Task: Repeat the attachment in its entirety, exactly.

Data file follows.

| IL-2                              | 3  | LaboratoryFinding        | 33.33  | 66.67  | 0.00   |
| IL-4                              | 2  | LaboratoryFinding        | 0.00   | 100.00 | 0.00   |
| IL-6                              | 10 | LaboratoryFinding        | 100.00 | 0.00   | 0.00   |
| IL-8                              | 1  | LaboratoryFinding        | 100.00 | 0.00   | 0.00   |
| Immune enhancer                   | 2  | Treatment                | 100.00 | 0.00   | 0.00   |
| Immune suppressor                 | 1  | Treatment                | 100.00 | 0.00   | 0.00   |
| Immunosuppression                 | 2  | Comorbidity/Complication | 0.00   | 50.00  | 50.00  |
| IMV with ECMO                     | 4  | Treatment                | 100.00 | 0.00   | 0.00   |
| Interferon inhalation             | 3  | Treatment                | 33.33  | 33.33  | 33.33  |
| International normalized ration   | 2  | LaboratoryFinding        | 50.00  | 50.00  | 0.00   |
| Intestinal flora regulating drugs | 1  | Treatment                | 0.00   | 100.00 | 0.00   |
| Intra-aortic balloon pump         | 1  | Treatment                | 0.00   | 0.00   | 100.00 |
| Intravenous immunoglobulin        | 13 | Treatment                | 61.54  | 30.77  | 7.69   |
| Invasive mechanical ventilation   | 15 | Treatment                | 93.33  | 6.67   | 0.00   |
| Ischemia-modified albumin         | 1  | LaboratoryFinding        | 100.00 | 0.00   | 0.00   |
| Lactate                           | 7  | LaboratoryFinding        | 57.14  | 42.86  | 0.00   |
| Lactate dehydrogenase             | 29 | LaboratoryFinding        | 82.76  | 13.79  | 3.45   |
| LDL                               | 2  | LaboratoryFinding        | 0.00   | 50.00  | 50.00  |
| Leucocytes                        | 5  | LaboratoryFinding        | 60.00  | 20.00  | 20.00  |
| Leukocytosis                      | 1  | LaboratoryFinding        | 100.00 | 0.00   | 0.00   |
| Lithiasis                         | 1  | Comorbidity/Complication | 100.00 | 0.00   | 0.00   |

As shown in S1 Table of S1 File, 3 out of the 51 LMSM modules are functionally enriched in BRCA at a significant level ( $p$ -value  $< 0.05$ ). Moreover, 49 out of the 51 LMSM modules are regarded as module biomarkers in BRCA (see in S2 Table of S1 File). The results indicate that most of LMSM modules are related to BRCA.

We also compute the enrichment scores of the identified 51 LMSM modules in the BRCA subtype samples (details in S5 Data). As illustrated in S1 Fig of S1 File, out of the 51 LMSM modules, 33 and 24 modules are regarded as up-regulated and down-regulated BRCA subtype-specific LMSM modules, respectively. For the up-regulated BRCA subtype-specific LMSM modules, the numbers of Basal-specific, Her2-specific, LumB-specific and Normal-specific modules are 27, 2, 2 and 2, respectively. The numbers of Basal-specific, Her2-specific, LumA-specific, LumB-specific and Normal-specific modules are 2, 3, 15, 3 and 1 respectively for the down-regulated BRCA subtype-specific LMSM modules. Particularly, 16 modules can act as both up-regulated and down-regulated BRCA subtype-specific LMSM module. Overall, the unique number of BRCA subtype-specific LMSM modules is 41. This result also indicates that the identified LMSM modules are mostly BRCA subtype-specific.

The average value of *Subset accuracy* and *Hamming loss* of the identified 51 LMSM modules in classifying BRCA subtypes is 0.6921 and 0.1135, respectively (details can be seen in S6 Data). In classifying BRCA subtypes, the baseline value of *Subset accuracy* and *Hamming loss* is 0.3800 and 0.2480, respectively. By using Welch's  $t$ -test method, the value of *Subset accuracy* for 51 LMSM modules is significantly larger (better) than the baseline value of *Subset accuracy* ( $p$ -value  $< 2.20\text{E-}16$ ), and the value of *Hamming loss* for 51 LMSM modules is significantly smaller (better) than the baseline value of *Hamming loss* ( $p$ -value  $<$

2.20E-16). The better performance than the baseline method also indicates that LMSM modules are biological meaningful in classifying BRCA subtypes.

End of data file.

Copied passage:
| IL-2                              | 3  | LaboratoryFinding        | 33.33  | 66.67  | 0.00   |
| IL-4                              | 2  | LaboratoryFinding        | 0.00   | 100.00 | 0.00   |
| IL-6                              | 10 | LaboratoryFinding        | 100.00 | 0.00   | 0.00   |
| IL-8                              | 1  | LaboratoryFinding        | 100.00 | 0.00   | 0.00   |
| Immune enhancer                   | 2  | Treatment                | 100.00 | 0.00   | 0.00   |
| Immune suppressor                 | 1  | Treatment                | 100.00 | 0.00   | 0.00   |
| Immunosuppression                 | 2  | Comorbidity/Complication | 0.00   | 50.00  | 50.00  |
| IMV with ECMO                     | 4  | Treatment                | 100.00 | 0.00   | 0.00   |
| Interferon inhalation             | 3  | Treatment                | 33.33  | 33.33  | 33.33  |
| International normalized ration   | 2  | LaboratoryFinding        | 50.00  | 50.00  | 0.00   |
| Intestinal flora regulating drugs | 1  | Treatment                | 0.00   | 100.00 | 0.00   |
| Intra-aortic balloon pump         | 1  | Treatment                | 0.00   | 0.00   | 100.00 |
| Intravenous immunoglobulin        | 13 | Treatment                | 61.54  | 30.77  | 7.69   |
| Invasive mechanical ventilation   | 15 | Treatment                | 93.33  | 6.67   | 0.00   |
| Ischemia-modified albumin         | 1  | LaboratoryFinding        | 100.00 | 0.00   | 0.00   |
| Lactate                           | 7  | LaboratoryFinding        | 57.14  | 42.86  | 0.00   |
| Lactate dehydrogenase             | 29 | LaboratoryFinding        | 82.76  | 13.79  | 3.45   |
| LDL                               | 2  | LaboratoryFinding        | 0.00   | 50.00  | 50.00  |
| Leucocytes                        | 5  | LaboratoryFinding        | 60.00  | 20.00  | 20.00  |
| Leukocytosis                      | 1  | LaboratoryFinding        | 100.00 | 0.00   | 0.00   |
| Lithiasis                         | 1  | Comorbidity/Complication | 100.00 | 0.00   | 0.00   |

As shown in S1 Table of S1 File, 3 out of the 51 LMSM modules are functionally enriched in BRCA at a significant level ( $p$ -value  $< 0.05$ ). Moreover, 49 out of the 51 LMSM modules are regarded as module biomarkers in BRCA (see in S2 Table of S1 File). The results indicate that most of LMSM modules are related to BRCA.

We also compute the enrichment scores of the identified 51 LMSM modules in the BRCA subtype samples (details in S5 Data). As illustrated in S1 Fig of S1 File, out of the 51 LMSM modules, 33 and 24 modules are regarded as up-regulated and down-regulated BRCA subtype-specific LMSM modules, respectively. For the up-regulated BRCA subtype-specific LMSM modules, the numbers of Basal-specific, Her2-specific, LumB-specific and Normal-specific modules are 27, 2, 2 and 2, respectively. The numbers of Basal-specific, Her2-specific, LumA-specific, LumB-specific and Normal-specific modules are 2, 3, 15, 3 and 1 respectively for the down-regulated BRCA subtype-specific LMSM modules. Particularly, 16 modules can act as both up-regulated and down-regulated BRCA subtype-specific LMSM module. Overall, the unique number of BRCA subtype-specific LMSM modules is 41. This result also indicates that the identified LMSM modules are mostly BRCA subtype-specific.

The average value of *Subset accuracy* and *Hamming loss* of the identified 51 LMSM modules in classifying BRCA subtypes is 0.6921 and 0.1135, respectively (details can be seen in S6 Data). In classifying BRCA subtypes, the baseline value of *Subset accuracy* and *Hamming loss* is 0.3800 and 0.2480, respectively. By using Welch's  $t$ -test method, the value of *Subset accuracy* for 51 LMSM modules is significantly larger (better) than the baseline value of *Subset accuracy* ( $p$ -value  $< 2.20\text{E-}16$ ), and the value of *Hamming loss* for 51 LMSM modules is significantly smaller (better) than the baseline value of *Hamming loss* ( $p$ -value  $<$

2.20E-16). The better performance than the baseline method also indicates that LMSM modules are biological meaningful in classifying BRCA subtypes.